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Trading aviation emissions


For the first time, Qantas and other airlines are being held accountable for greenhouse gas emissions from their international flights—at least for those flights using an airport within the European Union (EU). The move by the EU to price and restrict greenhouse gas emissions from European flights has been a contentious one. This FlagPost explains the basic mechanics of the EU’s decision and highlights some of the issues being raised.

The latest report from the Intergovernmental Panel on Climate Change anticipates that by 2050 international and domestic aviation emissions will be around five percent of what global annual ‘man-made’ emissions were in 2000. International aviation was excluded from the Kyoto Protocol because of negotiating difficulties. The responsibility of delivering an emissions reduction policy response was referred to the International Civil Aviation Organisation (ICAO). By 2005, with aviation emissions increasing and no likely outcome from the ICAO process, the EU began investigating alternative options and finally resolved to bring aviation into the EU emissions trading scheme (ETS).

Bringing aviation into the ETS
The EU ETS has existed since 2005 and is currently in its second phase. The Aviation Directive amends the EU ETS legislation to include aviation activities from 1 January 2012. For this year, aviation emissions will be capped at 97 per cent of the average annual aviation emissions that occurred in the period 2004-06. After 2012, the percentage will be reduced to 95.

Each year, airlines will receive emissions allowances—known as EU Aviation Allowances (EUAAs)—up to their cap. One EUAA represents the right to emit one tonne of greenhouse gases. If an airline exceeds its cap it will need to purchase supplementary allowances from the market. In theory, airlines will choose to reduce their emissions if they can do so at a cost below the price of allowances, and then sell surplus EUAAs at a profit. However, in practice, at least at first, the price of fuel is likely to have a stronger impact on such decisions than that of EUAAs.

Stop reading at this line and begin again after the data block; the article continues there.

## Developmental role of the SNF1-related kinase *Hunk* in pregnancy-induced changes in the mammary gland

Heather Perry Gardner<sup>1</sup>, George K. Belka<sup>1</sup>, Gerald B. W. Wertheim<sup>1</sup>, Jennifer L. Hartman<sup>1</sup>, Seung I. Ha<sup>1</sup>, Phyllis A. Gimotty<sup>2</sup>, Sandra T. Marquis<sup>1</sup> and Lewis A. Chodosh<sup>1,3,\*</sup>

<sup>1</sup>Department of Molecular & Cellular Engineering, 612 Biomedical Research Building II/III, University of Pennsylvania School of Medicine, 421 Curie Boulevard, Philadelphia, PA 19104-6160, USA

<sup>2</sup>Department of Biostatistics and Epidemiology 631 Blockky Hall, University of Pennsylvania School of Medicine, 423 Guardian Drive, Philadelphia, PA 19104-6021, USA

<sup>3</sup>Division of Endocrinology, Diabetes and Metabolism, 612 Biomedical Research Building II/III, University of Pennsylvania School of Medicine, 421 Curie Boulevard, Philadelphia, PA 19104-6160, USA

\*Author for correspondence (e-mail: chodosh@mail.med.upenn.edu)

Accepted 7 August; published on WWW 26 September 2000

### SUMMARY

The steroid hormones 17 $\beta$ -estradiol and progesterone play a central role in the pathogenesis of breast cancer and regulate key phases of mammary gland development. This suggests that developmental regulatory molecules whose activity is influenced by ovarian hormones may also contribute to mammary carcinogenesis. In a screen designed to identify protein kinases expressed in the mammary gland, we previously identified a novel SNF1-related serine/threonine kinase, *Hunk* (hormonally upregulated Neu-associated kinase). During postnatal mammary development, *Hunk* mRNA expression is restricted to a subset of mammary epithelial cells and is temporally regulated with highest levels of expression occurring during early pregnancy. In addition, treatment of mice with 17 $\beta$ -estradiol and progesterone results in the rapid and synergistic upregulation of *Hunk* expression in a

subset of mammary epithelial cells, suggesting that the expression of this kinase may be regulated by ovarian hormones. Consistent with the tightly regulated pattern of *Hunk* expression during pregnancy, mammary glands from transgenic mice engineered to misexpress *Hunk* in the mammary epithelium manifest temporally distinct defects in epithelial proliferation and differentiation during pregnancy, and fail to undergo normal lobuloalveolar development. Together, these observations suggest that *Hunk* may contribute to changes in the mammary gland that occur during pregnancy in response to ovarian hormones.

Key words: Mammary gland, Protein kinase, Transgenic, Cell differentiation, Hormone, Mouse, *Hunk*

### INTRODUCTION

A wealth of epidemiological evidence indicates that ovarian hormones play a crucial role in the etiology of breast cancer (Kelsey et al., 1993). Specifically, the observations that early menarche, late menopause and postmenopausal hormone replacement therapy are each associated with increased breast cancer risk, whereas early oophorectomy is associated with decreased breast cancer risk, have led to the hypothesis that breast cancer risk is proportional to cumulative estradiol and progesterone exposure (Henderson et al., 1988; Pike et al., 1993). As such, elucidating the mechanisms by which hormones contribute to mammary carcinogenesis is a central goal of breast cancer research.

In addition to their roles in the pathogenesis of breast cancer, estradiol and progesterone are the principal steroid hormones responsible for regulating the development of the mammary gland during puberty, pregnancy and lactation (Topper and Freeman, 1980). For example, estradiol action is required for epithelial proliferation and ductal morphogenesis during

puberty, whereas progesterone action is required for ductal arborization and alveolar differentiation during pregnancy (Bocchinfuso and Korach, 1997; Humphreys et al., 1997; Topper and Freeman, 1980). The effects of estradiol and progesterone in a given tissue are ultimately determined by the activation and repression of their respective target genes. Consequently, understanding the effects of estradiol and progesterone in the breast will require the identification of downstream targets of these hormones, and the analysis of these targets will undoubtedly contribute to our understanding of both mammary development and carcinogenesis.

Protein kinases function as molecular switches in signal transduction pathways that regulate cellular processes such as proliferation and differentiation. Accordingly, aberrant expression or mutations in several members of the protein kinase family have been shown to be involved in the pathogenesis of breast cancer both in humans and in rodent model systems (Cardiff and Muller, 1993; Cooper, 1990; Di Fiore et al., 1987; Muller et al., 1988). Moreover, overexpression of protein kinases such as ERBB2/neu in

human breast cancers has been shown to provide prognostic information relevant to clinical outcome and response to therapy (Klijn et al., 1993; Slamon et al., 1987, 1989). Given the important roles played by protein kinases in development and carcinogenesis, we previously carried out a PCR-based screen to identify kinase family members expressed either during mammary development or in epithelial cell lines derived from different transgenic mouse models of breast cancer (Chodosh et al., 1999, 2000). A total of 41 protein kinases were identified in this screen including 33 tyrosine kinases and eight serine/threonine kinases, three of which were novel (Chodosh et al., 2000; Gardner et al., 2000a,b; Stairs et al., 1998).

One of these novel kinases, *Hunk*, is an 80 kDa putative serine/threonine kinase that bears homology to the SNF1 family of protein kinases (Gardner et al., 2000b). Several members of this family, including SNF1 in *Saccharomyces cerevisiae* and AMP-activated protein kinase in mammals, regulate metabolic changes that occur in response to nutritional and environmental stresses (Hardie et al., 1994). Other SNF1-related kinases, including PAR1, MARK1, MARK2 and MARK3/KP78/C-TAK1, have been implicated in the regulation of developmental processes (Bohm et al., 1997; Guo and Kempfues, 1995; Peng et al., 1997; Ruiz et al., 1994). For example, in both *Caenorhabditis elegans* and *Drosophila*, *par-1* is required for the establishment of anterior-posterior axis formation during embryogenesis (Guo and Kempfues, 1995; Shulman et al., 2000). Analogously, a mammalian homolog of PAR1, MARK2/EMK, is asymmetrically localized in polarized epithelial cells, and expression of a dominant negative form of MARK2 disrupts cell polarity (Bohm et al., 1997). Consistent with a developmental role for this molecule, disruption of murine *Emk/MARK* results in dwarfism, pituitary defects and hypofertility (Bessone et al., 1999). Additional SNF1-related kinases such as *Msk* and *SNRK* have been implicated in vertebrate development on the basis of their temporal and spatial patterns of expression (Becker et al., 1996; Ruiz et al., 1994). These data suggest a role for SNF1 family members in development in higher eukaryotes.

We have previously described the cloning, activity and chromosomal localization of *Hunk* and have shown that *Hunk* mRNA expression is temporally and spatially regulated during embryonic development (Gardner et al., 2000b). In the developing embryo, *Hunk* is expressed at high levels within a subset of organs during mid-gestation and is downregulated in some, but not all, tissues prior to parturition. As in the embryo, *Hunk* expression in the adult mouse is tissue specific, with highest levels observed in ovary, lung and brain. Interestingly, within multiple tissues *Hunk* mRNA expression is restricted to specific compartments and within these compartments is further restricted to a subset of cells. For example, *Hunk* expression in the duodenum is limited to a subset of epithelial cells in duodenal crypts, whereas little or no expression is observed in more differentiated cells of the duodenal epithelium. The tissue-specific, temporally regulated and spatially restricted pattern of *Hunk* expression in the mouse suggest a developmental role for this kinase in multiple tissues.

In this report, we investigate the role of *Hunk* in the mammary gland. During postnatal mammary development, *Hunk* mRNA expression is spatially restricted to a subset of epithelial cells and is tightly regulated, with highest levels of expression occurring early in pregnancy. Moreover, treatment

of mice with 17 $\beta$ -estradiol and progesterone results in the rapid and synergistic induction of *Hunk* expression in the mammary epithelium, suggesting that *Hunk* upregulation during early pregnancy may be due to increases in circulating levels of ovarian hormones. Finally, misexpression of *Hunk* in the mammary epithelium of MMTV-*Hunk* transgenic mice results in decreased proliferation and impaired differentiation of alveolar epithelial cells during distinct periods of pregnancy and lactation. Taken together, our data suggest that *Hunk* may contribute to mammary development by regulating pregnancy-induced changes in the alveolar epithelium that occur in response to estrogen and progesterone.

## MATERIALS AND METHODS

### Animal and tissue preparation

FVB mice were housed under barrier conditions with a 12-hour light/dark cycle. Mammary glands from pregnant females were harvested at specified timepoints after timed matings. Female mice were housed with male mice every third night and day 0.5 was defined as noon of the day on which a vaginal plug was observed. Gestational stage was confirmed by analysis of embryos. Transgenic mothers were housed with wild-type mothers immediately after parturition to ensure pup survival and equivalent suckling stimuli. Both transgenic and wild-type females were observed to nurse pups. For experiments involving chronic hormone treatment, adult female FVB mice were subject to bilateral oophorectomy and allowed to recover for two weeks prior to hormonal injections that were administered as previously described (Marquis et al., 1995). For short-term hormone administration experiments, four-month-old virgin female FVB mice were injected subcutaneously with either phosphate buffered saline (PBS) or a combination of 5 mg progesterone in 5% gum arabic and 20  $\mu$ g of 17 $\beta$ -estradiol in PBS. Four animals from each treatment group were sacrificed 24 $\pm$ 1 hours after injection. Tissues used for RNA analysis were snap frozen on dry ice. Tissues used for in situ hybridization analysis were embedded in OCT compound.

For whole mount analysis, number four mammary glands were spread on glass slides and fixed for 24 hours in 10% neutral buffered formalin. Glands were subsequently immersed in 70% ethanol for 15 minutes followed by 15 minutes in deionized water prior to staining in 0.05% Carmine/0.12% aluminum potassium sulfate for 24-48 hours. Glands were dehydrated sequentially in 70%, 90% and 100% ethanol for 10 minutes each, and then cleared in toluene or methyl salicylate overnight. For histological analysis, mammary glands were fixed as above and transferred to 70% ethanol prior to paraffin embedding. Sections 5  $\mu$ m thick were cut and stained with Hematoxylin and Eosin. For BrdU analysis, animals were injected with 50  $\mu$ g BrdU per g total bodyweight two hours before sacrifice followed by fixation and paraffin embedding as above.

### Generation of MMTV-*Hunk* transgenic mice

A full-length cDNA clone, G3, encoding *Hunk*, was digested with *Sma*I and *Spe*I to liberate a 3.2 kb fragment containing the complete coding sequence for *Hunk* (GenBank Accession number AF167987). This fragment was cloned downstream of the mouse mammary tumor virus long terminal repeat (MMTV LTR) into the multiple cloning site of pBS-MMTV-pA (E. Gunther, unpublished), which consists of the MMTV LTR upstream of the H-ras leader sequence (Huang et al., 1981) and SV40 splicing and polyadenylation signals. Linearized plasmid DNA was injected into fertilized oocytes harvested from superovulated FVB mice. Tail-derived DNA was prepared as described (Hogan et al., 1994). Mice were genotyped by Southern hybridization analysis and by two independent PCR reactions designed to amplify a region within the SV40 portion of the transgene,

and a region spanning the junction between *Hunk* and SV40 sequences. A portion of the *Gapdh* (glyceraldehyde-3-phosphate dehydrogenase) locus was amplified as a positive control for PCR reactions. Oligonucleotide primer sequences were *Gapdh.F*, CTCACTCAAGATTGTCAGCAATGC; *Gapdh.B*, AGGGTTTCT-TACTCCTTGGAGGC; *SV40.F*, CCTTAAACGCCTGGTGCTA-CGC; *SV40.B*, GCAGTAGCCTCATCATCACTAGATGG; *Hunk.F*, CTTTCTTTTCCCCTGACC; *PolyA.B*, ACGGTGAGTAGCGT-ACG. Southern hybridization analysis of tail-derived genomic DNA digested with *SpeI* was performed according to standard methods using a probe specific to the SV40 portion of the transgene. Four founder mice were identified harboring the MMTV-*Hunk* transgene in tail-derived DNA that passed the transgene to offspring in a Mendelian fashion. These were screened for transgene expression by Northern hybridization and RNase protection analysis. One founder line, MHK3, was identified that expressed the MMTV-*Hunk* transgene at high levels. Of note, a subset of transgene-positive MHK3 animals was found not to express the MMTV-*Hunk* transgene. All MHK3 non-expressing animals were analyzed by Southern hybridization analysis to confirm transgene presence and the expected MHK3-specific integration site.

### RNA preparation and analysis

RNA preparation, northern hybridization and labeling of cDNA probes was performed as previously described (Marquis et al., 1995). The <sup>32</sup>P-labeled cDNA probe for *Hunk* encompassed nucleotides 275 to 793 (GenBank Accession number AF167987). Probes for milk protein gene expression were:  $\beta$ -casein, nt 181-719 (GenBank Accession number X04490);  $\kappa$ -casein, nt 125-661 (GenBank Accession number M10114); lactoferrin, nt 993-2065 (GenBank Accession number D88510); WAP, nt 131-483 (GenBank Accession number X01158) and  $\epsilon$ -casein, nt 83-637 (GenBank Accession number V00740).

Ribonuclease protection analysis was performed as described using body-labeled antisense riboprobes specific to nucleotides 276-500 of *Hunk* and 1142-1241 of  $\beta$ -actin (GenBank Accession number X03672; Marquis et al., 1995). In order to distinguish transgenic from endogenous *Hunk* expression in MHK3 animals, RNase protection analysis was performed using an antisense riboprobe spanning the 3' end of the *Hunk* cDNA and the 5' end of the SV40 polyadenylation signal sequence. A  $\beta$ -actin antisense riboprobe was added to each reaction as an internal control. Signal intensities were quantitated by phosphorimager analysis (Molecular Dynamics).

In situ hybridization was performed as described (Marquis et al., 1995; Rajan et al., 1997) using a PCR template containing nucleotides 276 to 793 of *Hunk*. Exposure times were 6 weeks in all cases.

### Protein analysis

At the beginning of each year, at least 15 per cent of EUAAs will be auctioned by EU Member States. The rest will be provided free of charge with a small percentage being kept aside for new market entrants. The penalty for non-compliance is €100 per tonne of carbon dioxide equivalent plus the cost of allowances not surrendered. The Aviation Directive exempts from liability any non-EU countries that have adopted ‘measures, which have an environmental effect at least equivalent to that of this Directive’.

Airlines fly off the handle
The US was the first and loudest opponent to the EU’s decision to bring aviation into the ETS. The U.S. House of Representatives passed a Bill ‘to prohibit operators of civil aircraft of the United States from participating in the EU ETS’ and a similar Bill was introduced into the Senate. US Secretaries of State and Transport sent a letter to the European Commissioner urging the EU to end plans to include US airlines in the ETS, or the US would be ‘compelled to take appropriate action’.

American Airlines, United Continental and US airline industry association Airlines for America (A4A) brought a case against the EU before the London High Court of Justice. They claimed the Aviation Directive breached the Chicago Convention, the EU-US Open Skies Agreement and customary international law. The case was referred to the European Court of Justice (ECJ), which ruled on 21 December 2011 in favour of the EU.